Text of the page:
Seattle processors subpoenaed in seafood inquiry
A federal grand jury in Alaska has subpoenaed documents from at least two large Washington-based seafood processors and a seafood association...
Seattle Times staff reporter
A federal grand jury in Alaska has subpoenaed documents from at least two large Washington-based seafood processors and a seafood association as part of a corruption investigation, according to industry sources and others with direct knowledge of the subpoenas.
Companies that received subpoenas include Trident Seafoods and Icicle Seafoods, two of the biggest Seattle-based seafood companies.
At-Sea Processors Association, which represents companies that harvest and process pollock, also received a subpoena, according to three industry sources who all requested anonymity.
The seafood-industry subpoenas reflect a new line of inquiry in a federal investigation that initially appeared to focus on the relationships between Alaska politicians and Veco, an Alaska-based contractor that works closely with the oil industry.
The subpoenas request any records that detail financial ties to outgoing Alaska state Senate President Ben Stevens, who in recent years has also worked as a business consultant for the Pacific Northwest seafood industry. They also request any details of financial relationships with the Alaska Fisheries Marketing Board, which Ben Stevens once chaired, and his father, U.S. Sen. Ted Stevens of Alaska, who helped secure federal funding for the board.
Additionally, the subpoenas requested information about seafood-industry financial dealings with Trevor McCabe, a former fishery aide to Sen. Ted Stevens. McCabe has done consulting and federal lobbying on behalf of the fishing industry, according to federal records.
McCabe also served on the marketing board with Ben Stevens. The subpoenas were issued to seafood companies by federal agents who arrived in Seattle in November.
"They [the subpoenas] came down in a blitzkrieg," said a source familiar with the investigation.
The grand jury examining evidence is in Alaska.
But the investigation also involves attorneys from the U.S. Justice Department's Public Integrity Section, which handles political-corruption cases, according to Bryan Sierra, a Justice Department spokesman.
The grand jury is a panel of citizens who hear evidence presented by federal prosecutors and decide whether to issue indictments. In many cases, not all the evidence gathered through subpoenas is presented to the grand jury.
Industry officials who work for some of the seafood companies that received subpoenas said that payments to Ben Stevens were proper and unrelated to his work on the marketing board. Citing the sensitivity of the grand-jury proceedings, they requested anonymity.
Both Ben Stevens and Ted Stevens have declined to comment on the federal investigation.
In an earlier e-mail to The Seattle Times, Ted Stevens said, "I understand the public's interest in the investigation. It has always been my practice to not comment on such matters to avoid even the appearance that I might influence the investigation. This is especially important in this case where records have been obtained from a number of legislators, including my son Ben."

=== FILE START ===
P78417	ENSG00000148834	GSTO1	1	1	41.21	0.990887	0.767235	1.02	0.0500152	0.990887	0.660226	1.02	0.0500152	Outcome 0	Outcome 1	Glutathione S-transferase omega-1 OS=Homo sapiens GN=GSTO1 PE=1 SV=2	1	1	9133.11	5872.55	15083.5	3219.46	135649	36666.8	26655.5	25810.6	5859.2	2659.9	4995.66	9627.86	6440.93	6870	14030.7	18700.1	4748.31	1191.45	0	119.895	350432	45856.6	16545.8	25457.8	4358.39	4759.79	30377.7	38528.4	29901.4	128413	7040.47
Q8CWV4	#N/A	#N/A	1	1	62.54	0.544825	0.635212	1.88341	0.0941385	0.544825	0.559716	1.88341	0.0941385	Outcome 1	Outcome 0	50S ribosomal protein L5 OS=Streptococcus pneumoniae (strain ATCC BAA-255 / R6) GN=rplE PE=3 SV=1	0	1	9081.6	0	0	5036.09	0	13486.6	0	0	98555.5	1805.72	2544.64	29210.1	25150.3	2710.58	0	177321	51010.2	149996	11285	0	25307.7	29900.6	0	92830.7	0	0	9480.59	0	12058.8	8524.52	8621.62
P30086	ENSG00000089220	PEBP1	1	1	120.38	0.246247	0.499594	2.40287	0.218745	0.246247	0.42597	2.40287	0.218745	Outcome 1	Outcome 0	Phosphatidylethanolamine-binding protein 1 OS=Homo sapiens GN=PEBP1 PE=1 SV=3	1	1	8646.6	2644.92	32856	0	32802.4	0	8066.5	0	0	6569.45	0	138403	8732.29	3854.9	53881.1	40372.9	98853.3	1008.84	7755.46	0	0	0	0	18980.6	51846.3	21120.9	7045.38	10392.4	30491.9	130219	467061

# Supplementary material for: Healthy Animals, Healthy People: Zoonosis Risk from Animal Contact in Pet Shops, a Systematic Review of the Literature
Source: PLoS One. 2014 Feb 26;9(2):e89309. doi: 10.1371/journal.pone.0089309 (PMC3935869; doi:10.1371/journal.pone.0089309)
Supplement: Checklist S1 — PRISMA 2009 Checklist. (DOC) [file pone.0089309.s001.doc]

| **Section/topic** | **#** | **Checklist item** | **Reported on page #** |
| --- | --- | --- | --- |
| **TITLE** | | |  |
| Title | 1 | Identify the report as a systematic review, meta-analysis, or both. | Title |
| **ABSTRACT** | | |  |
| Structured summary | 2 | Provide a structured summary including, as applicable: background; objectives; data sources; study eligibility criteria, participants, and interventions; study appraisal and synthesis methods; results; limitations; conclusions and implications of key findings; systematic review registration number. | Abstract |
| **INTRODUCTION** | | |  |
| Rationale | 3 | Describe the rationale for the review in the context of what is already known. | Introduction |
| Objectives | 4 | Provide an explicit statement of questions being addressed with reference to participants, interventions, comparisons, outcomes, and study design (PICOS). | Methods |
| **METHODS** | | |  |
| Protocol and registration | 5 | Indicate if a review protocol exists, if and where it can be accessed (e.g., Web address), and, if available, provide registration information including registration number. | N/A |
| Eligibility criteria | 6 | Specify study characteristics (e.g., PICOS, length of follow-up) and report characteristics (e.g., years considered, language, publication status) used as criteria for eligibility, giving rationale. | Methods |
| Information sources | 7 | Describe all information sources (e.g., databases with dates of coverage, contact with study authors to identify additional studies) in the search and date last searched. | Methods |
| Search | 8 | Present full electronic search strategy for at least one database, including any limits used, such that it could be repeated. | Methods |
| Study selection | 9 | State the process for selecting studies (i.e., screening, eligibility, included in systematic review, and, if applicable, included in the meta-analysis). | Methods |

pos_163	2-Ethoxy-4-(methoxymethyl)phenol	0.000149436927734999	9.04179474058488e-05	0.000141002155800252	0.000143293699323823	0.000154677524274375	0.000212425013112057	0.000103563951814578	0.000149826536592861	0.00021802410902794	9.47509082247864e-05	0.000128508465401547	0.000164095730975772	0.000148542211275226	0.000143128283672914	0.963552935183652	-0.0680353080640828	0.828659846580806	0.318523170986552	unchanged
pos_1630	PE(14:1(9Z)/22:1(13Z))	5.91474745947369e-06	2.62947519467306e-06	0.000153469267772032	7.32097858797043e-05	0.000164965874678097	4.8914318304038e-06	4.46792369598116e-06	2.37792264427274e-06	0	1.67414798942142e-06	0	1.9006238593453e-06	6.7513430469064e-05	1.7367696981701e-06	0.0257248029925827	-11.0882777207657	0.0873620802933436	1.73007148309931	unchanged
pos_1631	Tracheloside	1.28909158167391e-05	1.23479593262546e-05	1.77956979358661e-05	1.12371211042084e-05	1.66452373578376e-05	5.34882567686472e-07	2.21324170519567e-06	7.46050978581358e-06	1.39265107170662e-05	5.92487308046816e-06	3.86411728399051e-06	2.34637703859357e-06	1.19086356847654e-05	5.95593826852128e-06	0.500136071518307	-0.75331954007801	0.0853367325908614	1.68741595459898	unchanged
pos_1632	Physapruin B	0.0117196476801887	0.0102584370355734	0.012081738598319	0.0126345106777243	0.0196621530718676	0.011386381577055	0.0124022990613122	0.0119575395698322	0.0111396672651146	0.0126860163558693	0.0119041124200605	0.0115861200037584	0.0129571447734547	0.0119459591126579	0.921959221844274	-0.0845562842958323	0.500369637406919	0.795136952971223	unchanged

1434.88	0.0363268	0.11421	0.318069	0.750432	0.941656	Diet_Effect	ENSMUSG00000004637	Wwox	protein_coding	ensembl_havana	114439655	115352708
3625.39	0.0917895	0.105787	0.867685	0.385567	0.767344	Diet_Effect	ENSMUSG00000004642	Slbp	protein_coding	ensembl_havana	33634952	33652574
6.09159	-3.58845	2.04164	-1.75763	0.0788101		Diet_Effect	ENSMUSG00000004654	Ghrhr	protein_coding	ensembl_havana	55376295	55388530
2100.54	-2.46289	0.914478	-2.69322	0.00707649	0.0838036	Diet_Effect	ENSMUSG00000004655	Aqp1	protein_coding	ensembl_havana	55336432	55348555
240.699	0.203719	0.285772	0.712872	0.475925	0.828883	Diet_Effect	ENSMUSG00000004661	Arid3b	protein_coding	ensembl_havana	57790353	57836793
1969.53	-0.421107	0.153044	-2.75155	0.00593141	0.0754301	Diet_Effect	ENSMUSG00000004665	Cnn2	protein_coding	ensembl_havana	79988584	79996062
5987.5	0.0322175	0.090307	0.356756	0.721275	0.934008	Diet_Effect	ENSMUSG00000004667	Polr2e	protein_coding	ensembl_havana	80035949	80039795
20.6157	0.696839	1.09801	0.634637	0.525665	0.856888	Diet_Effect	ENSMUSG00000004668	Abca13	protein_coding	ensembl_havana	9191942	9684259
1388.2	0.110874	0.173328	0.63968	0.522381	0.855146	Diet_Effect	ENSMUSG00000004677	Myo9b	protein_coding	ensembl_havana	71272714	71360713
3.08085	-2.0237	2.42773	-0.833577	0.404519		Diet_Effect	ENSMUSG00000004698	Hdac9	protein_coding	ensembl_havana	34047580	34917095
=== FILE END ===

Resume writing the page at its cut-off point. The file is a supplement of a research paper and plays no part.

McCabe could not be reached Thursday for comment.
The federal investigation became public in August after the FBI searched the offices of Ben Stevens and at least five other Alaska legislators. Agents gathered documents relating to Veco, which had been heavily involved in lobbying the Alaska Legislature on oil-tax policies and other issues.
On Sept. 18, FBI agents returned to Ben Stevens' office, taking away documents that included two letters that Stevens had written to the U.S. Commerce Department about the Alaska Fisheries Marketing Board, according to a letter outlining the search that Stevens provided to the Anchorage Daily News.
Sen. Ted Stevens crafted legislation that created the board in 2003 at a time when the wild-salmon industry faced tough competition from farmed fish. Financed by federal tax dollars collected on seafood imports, the board makes grants to help companies develop and market their seafood products.
Ben Stevens became the board's first chairman, a volunteer position he held until earlier this year. As chairman, he helped approve more than $12 million in grants to dozens of seafood companies in 2004 and 2005.
Some of the money was awarded on the basis of how much salmon a company processed, with Puget Sound companies receiving some of the biggest grants. Icicle Seafoods, for example, received $1.55 million and Trident Seafoods received more than $1.3 million.
Some of these companies also paid Ben Stevens as a consultant either directly, through related companies or through industry groups such as the North Pacific Crab Association. Those payments totaled more than $250,000 during the years Stevens was on the board.
Hal Bernton: 206-464-2581 or email@example.com
Seattle Times reporters Steve Miletich and David Heath contributed
to this report.
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